South Asia and a conceptual framework. World Development 29(10): 1623-1648.
Baral, J.C. & R.S. Bodh, 2000. Some community forestry issues in the Terai, Nepal: where do
      we go from here? Forests, Trees and People Newsletter No42.
Brown, D., Y., Malla, K. Schreckenberg & O. Springate-Baginski, 2002. From supervising
      ‘subjects’ to supporting ‘citizens’: recent developments in community forestry in Asia
                                                                                     Refereed


       and Africa. Natural Resource Perspectives 75. ODI, London.
Borrini-Feyerabend, G. (ed.), 1997. Beyond fences: seeking social sustainability in
       Conservation, IUCN, Switzerland.
Carter, J., 2000. “Recent Experience in Collaborative Forest Management Approaches: a
       Review Paper.” World Bank, Switzerland.
Collett, G., R. Chetri, W.J. Jackson & R. Shepherd, 1996. Nepal Australia Community Forestry
       Project: socio-economic impact study. Technical Note No. 1/96, ANUTECH, Canberra.
Duinker, P.N, P.W. Matakala & D. Zhang, 1991. Community forestry and its implications for
       Northern Ontario. The Forestry Chronicle 67(2):131-135.
Duinker, P.N. & R.E. Pulkki, 1998. Community forestry, Italian style: the Magnifica
       Communita di Fiemme. The Forestry Chronicle 74(3): 385-392.
Hall, J.E., 1996. Canada’s Model Forest Program – bringing community forest values into the
       development of sustainable forest management in the Canadian context. Rural
       Development Forestry Network Paper 20e Winter 1996/97:14-22.
Hyde, W., 1992. Social forestry: a working definition and 21 testable hypotheses. Pages 433-
       460 in: Nemetz P. (ed.), “Emerging Issues in Forest Policy,” UBC Press, Vancouver.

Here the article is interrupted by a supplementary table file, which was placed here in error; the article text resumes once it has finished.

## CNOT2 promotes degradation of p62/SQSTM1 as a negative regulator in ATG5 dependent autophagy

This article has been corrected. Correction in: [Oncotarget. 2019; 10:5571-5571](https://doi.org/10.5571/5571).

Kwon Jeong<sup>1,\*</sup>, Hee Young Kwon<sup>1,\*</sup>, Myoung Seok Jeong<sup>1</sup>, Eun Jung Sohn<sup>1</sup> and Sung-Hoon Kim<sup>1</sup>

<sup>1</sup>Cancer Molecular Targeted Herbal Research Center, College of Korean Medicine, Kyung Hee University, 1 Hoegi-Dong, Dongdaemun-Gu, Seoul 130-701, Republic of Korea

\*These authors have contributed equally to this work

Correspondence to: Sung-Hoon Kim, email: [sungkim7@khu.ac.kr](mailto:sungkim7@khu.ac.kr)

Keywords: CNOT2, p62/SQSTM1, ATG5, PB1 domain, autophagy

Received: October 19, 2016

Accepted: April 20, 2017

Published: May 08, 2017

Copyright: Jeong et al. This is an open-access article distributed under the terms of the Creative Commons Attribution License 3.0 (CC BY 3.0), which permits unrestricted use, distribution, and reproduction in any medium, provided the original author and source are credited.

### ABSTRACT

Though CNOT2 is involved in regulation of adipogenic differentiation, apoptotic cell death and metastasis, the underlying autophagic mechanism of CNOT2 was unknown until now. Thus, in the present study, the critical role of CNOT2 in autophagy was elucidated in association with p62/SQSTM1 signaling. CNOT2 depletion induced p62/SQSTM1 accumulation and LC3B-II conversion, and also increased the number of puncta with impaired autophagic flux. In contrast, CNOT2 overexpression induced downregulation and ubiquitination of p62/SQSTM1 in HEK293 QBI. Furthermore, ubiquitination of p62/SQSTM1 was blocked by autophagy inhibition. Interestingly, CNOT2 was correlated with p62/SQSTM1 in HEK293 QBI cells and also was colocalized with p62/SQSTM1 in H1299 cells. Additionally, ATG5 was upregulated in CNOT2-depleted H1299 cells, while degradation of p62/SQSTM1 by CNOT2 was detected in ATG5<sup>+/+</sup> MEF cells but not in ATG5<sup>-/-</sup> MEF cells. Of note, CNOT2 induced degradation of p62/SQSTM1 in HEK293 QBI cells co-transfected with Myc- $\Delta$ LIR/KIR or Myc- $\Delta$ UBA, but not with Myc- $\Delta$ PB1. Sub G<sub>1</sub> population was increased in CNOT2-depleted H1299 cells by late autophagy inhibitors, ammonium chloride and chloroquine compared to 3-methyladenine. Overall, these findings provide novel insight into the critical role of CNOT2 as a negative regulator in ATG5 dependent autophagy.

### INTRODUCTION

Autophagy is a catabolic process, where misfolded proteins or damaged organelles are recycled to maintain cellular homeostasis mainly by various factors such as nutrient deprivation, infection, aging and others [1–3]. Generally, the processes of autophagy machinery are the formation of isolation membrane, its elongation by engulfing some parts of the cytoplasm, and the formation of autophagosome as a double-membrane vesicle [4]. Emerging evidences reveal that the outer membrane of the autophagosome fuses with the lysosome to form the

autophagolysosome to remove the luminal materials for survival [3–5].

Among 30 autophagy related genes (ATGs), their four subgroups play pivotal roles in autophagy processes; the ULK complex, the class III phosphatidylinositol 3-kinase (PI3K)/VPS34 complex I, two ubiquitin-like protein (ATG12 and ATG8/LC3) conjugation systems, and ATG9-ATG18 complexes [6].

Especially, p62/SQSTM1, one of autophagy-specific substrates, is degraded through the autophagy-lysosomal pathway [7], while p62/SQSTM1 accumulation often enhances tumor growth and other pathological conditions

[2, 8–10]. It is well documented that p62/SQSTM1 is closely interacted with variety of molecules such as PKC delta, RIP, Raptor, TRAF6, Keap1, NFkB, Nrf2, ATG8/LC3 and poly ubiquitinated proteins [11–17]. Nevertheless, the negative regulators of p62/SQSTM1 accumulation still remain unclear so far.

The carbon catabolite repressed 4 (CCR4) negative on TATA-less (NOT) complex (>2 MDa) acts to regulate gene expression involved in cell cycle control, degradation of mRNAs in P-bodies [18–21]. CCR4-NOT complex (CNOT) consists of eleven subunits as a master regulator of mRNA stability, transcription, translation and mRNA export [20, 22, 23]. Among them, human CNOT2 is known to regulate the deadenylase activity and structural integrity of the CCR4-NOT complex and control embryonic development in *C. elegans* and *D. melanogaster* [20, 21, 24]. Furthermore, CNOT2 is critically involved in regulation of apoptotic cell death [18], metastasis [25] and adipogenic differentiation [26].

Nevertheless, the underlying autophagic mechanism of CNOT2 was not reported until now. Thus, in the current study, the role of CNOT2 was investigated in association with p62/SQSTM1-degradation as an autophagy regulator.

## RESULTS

Jain, S., 1984. Standing up for trees: women’s role in the Chipko movement. Unasylva
       36(146):12-20.
Jeanrenaud, S. & J. Jeanrenaud, 1996. Thinking politically about community forestry and
       Biodiversity: insider driven initiatives in Scotland. Rural Development Forestry Network,
       Winter 1996/97.
Joshi, A.L., 1997. Community forest in Nepal: 1978-2010.
       http://www.mtnforum.org/resources/library/josha97a.htm
Krishnaswamy, A., 1995. Sustainable development and community forest management in
       Bihar, India. Society and Natural Resources 8:339-350.
Kumar, S., 2002. Does ‘participation’ in common pool resource management help the poor? A
       social cost-benefit analysis of joint forest management in Jharkhand, India. World
       Development 30(5): 763-782.
Merlo, M., 1995. Common property forest management in northern Italy: a historical and
       socio-economic profile. Unasylva 46:58-63.
Morandini, R.,1996. A modern forest-dependent community: the Magnifica Comunità di
       Fiemme in Italy. Unasylva 47:47-52.
Messerschmidt D. 2003: Personnel communication. Senior social anthropologist, EPC-1847,
       G.P.O. Box 8975, Kathmandu, NEPAL, Tel: +977.1.545122, Fax: +977.1.523707
       email (office): emodus@wlink.com.np or Email (travelling): donmxx@yahoo.com
Natural Resources Canada, 1997. Canada’s first aboriginal model forest established.
       http://mf.ncr.forestry.ca/content/waswanipi_e.html
Ostrom, E. 2001. The contested role of heterogeneity in collective action: some evidence from
       community forestry in Nepal. World Development 29(5): 747-765.
Pardo, R.D., 1995. Community forestry. Journal of Forestry 93(11): 20-24).
Paudyal, B.R., 1996. Comparison of benefit-sharing arrangements in Joint forest Management
       in India and Community Forestry in Nepal: some lessons learned.
Proceedings of the Social forestry seminar, Australian National University, 18 June 1996.
Poffenberger, M. & S. Selin (eds.), 1998. “Communities and Forest Management in Canada
       and the United States. A Regional Profile of the Working Group on Community
       Involvement in Forestry Management .” WG-CIFM, New York.
Roy, M.A., 1989. Guided change through community forestry: a case study in forest
       management unit 17 – Newfoundland. The Forestry Chronicle 65(5):344-347.
Sherry, E. & H. Myers, 2002. Traditional environmental knowledge in practice.
       Society and Natural Resources. 15:345-358.
                                                                                 Refereed


Shrestha , S.M., 2002 “Management of conflict in community forestry in Nepal”. MSc thesis,
      Australian National University.
Tylden-Wright, R., 1997. “The Laggan Forest Partnership.” Caledonia Centre for Social
      Development, Scotland. http://www.caledonia.org.uk/socialland/laggan.htm
Wicklund, M. 1993. “Community forestry in B.C.”. University of B.C., Vancouver, Canada.

								
To top